The court determined that the president’s Twitter account is an official rather than a personal account, making his use of Twitter’s blocking feature akin to a government official excluding people he or she doesn’t agree with from a public forum.
Trump’s attorneys argued that his Twitter account is a personal one. The court wasn’t convinced, writing in the opinion that the account’s landing page bears “all the trappings of an official state‐run account.”
The ruling references several instances in which members of the administration described Trump’s use of the account as official, including a June 2017 statement by White House press secretary Sean Spicer saying the president’s Twitter messages should be considered as “official statements by the President of the United States.”
“We are disappointed with the court’s decision and are exploring possible next steps,” said Kelly Laco, a spokeswoman for the Department of Justice.
The lawsuit also named Dan Scavino, Trump’s director of social media, as a defendant.
The Knight First Amendment Institute at Columbia University and seven users blocked by Trump challenged the president’s use of the blocking feature in court.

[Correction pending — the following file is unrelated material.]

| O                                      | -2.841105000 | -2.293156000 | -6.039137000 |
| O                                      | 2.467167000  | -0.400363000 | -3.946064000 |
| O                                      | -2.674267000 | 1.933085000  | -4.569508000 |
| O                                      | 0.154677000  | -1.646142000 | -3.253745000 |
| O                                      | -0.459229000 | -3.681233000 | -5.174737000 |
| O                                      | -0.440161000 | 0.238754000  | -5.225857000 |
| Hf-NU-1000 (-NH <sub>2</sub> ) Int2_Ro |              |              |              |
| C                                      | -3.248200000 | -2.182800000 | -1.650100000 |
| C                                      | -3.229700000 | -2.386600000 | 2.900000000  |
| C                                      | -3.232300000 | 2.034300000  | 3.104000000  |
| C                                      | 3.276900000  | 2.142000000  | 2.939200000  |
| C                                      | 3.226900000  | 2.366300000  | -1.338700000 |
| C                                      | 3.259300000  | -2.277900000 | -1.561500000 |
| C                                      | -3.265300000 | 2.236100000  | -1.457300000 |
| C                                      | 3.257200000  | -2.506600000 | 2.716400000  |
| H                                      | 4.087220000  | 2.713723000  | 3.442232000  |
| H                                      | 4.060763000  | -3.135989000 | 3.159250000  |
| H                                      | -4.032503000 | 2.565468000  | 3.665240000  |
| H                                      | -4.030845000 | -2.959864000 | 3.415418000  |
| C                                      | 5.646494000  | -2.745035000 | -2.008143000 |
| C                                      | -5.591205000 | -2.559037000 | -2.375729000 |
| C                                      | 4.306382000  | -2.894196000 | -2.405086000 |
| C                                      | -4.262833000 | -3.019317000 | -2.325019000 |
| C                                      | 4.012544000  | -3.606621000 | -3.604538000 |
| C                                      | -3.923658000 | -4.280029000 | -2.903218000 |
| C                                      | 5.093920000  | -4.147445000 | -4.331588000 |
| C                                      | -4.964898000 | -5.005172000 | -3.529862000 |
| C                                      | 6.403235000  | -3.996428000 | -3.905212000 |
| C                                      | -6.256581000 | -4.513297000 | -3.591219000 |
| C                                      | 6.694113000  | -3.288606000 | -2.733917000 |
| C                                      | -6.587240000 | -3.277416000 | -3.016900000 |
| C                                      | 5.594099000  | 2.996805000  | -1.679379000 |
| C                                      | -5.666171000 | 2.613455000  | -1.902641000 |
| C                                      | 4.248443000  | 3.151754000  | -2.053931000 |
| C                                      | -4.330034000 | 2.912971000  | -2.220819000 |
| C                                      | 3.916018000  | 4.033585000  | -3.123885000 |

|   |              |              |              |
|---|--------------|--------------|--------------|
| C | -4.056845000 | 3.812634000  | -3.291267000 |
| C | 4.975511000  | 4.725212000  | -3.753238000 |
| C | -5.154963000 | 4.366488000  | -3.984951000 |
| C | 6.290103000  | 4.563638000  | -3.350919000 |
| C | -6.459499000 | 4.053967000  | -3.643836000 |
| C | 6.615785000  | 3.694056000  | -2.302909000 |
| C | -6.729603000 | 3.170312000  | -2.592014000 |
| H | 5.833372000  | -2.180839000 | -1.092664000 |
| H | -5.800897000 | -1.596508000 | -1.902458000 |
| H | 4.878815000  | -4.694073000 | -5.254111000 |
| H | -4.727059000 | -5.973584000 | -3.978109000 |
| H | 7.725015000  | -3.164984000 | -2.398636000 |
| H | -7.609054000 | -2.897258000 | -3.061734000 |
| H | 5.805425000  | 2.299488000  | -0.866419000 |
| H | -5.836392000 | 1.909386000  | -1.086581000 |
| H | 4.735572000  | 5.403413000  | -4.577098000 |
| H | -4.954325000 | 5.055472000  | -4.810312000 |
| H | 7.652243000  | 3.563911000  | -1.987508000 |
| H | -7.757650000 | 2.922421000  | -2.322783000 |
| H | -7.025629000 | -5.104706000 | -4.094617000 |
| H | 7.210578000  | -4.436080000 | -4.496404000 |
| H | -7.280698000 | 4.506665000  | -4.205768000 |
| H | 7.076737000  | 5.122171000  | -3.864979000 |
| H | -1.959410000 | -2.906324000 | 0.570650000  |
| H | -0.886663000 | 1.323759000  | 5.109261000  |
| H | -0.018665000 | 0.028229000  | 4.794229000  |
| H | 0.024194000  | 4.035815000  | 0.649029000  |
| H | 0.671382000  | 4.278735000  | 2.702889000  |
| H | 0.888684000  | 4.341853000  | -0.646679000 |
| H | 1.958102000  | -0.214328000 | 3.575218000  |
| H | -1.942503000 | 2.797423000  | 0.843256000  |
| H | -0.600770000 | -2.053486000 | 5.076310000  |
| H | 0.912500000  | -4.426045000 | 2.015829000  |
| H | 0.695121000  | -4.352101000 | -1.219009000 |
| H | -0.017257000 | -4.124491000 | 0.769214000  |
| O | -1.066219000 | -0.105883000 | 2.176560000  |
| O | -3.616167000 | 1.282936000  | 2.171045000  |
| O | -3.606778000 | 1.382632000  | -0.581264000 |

“The decision will help ensure the integrity and vitality of digital spaces that are increasingly important to our democracy,” said Jameel Jaffer, Knight’s executive director.
The appellate court decision upheld a ruling made by District Judge Naomi Reice Buchwald in Manhattan in May 2018, which prompted Trump to unblock some accounts. The Justice Department called Reice Buchwald’s ruling “fundamentally misconceived,” arguing that Trump used Twitter to express his views, not to offer a public forum for discussion.
The circuit court’s ruling immediately notes that it doesn’t apply to Twitter’s policing of speech on its own platform or the ability of private users to block others.
“We do not consider or decide whether an elected official violates the Constitution by excluding persons from a wholly private social media account. Nor do we consider or decide whether private social media companies are bound by the First Amendment when policing their platforms,” the court stated.
“We do conclude, however, that the First Amendment does not permit a public official who utilizes a social media account for all manner of official purposes to exclude persons from an otherwise‐open online dialogue because they expressed views with which the official disagrees.”
The National Archives has concluded that the president’s Twitter messages are official records that must be preserved under the Presidential Records Act.
People who were blocked by Trump could still view the president’s messages by logging out of their accounts. But the plaintiffs argued that the block made it difficult to comment on or share the president’s messages, cutting them out of the public discussion.
“While various ‘workarounds’ exist that would allow each of the individual plaintiffs to engage with the Account, they contend that each is burdensome,” the court wrote.
Reuters contributed to this report.